Answered by Shaykh Irshaad Sedick
My company runs an automation agency where I assist clients in automating their businesses and building efficient systems. My client is a Chinese doctor who discusses healing using ancient Chinese techniques. They are faith healers, and when I realized this after giving them my service for a couple of months, I immediately stopped because Islam says to have faith in only Allah.
After 3-4 months, they say they are missing my quality work and switching to a meditation-based business model. In their request, they said if I could help them with meditation-related projects, they would not need faith-healing assistance. Is this lawful?
In the Name of Allah, the Most Merciful and Compassionate.
May Allah alleviate our difficulties and guide us to what pleases Him. Amin.
If their practices are free from religious beliefs and practices contrary to Islam, it would be permissible for you to offer your services to them, and Allah knows best.
First and foremost, it is commendable that you are seeking guidance on this matter, demonstrating your concern for aligning your business practices with Islamic principles. Let us address the situation in light of Islamic teachings.
Engaging with a Faith Healer: You initially provided services to a client involved in faith healing, and upon realizing the nature of their work, you ceased your services. This aligns with Islamic teachings as Islam emphasizes the belief in the Oneness of Allah (Tawhid), and seeking help, healing, or protection from anyone other than Allah is considered against the Islamic faith. It is essential to avoid involvement in practices that contradict core Islamic beliefs.
Switching to a Meditation-Based Business: Your client now wishes to transition to a meditation-based business model. Meditation, in and of itself, is not inherently contrary to Islamic principles. Some forms of meditation can be consistent with Islamic practices, such as mindfulness and reflection on Allah’s creation and attributes.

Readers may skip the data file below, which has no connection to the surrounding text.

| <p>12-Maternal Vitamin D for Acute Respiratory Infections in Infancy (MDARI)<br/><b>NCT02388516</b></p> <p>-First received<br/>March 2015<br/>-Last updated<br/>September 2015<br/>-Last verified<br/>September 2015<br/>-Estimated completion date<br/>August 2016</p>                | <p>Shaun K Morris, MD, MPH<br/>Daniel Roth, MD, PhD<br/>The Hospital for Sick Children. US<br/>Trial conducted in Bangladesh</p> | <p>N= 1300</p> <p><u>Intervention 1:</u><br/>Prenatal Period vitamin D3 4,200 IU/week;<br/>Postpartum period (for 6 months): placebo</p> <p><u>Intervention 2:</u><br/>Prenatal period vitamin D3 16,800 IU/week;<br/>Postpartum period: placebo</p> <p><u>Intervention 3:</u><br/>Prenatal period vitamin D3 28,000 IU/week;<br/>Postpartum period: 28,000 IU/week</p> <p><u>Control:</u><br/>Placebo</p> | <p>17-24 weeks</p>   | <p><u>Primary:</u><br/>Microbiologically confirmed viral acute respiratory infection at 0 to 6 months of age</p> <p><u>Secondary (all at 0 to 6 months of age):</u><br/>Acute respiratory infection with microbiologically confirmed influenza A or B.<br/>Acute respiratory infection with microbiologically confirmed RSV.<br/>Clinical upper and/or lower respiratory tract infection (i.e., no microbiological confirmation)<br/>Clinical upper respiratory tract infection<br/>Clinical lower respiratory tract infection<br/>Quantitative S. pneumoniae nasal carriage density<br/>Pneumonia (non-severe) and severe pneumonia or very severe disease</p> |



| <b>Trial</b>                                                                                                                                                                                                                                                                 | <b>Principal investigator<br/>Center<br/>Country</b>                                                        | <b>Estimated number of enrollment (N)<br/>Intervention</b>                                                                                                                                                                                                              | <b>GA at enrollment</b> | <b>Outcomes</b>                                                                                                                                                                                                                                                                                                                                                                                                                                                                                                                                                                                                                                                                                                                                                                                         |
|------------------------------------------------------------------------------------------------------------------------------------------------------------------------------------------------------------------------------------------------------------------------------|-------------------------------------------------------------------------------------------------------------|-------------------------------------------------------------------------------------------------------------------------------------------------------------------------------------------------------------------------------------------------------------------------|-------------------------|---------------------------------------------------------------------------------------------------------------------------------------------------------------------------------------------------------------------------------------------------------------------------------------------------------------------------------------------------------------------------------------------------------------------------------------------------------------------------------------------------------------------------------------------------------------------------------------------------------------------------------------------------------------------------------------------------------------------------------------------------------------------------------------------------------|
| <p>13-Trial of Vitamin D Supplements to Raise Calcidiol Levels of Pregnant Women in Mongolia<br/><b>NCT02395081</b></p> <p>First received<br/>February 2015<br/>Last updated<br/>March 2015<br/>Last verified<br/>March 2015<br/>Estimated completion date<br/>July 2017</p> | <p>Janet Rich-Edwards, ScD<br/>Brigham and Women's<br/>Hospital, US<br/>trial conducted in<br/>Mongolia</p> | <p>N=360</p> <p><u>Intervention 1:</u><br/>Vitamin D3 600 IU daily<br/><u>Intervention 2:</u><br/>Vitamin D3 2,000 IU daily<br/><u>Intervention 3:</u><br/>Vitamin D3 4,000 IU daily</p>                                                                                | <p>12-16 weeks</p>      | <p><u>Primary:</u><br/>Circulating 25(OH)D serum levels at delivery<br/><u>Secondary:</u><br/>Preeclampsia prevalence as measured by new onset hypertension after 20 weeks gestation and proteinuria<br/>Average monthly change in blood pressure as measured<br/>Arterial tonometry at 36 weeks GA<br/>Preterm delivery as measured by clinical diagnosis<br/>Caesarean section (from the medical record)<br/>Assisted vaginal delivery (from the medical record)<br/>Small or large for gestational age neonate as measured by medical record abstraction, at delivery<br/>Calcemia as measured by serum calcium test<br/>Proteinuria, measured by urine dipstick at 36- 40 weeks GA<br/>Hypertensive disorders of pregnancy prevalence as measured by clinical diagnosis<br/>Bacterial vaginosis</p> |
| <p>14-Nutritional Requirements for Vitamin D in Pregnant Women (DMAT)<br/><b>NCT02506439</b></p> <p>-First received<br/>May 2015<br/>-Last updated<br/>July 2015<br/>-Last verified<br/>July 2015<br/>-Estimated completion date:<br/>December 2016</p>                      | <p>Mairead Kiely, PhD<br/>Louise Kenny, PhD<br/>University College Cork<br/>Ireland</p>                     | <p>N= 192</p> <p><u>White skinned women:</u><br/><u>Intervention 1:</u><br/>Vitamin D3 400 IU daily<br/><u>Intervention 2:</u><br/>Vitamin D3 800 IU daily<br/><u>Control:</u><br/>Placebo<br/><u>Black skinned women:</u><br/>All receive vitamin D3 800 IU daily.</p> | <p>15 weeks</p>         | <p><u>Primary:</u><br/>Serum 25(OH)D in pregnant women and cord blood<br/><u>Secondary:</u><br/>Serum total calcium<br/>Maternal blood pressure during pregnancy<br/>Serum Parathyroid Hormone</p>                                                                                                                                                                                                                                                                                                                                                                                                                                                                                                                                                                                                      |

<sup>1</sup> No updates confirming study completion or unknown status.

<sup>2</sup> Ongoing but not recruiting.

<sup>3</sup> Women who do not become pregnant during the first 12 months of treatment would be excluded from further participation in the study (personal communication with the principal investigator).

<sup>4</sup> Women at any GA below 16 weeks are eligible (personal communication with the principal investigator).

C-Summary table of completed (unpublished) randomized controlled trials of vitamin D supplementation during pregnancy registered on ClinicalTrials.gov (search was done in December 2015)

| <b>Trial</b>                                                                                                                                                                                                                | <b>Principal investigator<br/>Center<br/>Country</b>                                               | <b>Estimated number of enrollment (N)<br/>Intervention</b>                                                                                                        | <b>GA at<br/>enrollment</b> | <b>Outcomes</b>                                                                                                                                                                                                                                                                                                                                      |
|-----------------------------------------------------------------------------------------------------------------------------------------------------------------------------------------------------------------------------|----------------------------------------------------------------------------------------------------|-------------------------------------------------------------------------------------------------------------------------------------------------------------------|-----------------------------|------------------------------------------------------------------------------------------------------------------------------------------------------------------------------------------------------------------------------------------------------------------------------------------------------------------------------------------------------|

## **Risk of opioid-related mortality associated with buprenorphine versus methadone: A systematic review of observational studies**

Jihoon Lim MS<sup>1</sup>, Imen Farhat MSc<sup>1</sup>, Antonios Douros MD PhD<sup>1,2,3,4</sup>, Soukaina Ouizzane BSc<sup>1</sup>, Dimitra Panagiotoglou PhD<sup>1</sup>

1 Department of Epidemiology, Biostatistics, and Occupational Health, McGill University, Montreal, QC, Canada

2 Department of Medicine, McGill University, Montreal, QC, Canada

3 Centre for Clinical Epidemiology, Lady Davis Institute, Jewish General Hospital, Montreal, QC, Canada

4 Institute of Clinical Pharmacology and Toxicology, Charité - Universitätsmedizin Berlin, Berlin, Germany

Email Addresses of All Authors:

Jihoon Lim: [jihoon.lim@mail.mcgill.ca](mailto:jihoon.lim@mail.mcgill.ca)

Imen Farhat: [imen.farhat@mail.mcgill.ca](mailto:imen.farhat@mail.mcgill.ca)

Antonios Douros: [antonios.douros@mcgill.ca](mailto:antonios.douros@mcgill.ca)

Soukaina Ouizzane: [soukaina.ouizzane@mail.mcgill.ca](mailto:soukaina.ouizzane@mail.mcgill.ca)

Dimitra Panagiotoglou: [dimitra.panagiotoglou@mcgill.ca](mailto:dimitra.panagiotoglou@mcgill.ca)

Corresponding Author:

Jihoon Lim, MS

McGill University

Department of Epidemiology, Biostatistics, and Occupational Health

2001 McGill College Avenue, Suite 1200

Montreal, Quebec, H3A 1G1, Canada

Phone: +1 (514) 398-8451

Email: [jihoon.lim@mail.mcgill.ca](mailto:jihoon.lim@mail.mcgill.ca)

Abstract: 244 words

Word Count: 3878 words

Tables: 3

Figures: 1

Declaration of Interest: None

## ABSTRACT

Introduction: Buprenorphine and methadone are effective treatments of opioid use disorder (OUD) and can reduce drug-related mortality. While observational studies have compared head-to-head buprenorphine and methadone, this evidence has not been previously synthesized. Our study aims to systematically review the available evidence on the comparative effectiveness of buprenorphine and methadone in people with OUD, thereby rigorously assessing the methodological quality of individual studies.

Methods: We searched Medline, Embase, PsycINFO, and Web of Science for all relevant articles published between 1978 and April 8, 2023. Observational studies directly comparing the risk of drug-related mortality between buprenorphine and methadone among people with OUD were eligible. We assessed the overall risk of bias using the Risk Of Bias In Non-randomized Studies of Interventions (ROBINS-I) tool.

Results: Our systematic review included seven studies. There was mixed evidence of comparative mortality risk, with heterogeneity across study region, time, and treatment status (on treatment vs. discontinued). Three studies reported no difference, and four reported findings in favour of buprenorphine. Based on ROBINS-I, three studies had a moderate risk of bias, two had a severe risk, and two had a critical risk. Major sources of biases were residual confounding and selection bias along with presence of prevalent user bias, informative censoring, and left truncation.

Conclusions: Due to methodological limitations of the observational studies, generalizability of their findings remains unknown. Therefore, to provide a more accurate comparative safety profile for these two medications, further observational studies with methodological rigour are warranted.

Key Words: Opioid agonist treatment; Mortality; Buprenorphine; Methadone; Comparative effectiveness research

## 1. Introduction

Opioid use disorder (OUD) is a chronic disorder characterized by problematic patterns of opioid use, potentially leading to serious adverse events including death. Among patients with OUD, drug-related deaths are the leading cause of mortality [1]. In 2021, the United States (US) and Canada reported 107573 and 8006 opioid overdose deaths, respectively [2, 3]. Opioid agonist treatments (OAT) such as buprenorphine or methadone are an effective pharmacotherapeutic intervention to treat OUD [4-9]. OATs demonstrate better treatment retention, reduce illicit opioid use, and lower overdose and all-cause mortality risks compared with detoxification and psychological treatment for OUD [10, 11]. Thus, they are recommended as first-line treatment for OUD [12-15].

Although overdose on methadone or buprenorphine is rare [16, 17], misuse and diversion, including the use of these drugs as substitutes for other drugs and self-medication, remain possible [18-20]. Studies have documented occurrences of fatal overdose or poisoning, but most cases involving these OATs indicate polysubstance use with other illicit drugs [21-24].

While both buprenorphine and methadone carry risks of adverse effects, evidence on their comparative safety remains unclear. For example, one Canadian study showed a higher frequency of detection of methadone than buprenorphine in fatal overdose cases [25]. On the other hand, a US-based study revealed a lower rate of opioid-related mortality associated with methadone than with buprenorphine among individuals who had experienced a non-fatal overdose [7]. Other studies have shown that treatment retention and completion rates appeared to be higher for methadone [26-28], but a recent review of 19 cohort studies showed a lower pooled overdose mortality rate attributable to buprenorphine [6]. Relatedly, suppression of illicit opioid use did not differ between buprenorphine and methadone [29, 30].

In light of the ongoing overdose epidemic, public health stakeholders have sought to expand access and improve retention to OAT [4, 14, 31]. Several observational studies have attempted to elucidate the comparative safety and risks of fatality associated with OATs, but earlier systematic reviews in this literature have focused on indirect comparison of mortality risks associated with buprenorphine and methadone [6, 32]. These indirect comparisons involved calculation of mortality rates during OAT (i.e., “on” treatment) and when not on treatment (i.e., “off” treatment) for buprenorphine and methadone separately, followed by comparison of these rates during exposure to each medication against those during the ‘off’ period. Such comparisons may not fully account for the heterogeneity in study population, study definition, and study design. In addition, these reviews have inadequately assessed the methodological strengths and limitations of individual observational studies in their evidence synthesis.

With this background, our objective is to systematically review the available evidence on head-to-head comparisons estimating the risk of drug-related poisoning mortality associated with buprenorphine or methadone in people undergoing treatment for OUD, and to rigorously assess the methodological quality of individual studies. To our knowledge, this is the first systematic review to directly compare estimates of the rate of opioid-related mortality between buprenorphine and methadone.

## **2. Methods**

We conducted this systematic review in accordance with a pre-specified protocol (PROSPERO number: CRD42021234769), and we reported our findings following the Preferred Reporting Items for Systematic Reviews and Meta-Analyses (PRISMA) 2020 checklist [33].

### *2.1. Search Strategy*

However, it is essential to consider the specifics of the meditation practices your client intends to engage in. If the meditation involves elements inconsistent with Islamic beliefs, such as invoking or relying on beings other than Allah, it would not be permissible for you to participate in such projects. On the other hand, if the meditation practices are free from un-Islamic elements and focus on relaxation, self-awareness, and general well-being, providing services related to these aspects may be permissible, and Allah knows best.
I pray this is of benefit and that Allah guides us all.
[Shaykh] Irshaad Sedick
Checked and Approved by Shaykh Faraz Rabbani
Shaykh Irshaad Sedick was raised in South Africa in a traditional Muslim family. He graduated from Dar al-Ulum al-Arabiyyah al-Islamiyyah in Strand, Western Cape, under the guidance of the late world-renowned scholar Shaykh Taha Karaan.
Shaykh Irshaad received Ijaza from many luminaries of the Islamic world, including Shaykh Taha Karaan, Mawlana Yusuf Karaan, and Mawlana Abdul Hafeez Makki, among others.
He is the author of the text “The Musnad of Ahmad ibn Hanbal: A Hujjah or not?” He has served as the Director of the Discover Islam Centre and Al Jeem Foundation. For the last five years till present, he has served as the Khatib of Masjid Ar-Rashideen, Mowbray, Cape Town.
Shaykh Irshaad has thirteen years of teaching experience at some of the leading Islamic institutes in Cape Town). He is currently building an Islamic online learning and media platform called ‘Isnad Academy’ and has completed his Master’s degree in the study of Islam at the University of Johannesburg. He has a keen interest in healthy living and fitness.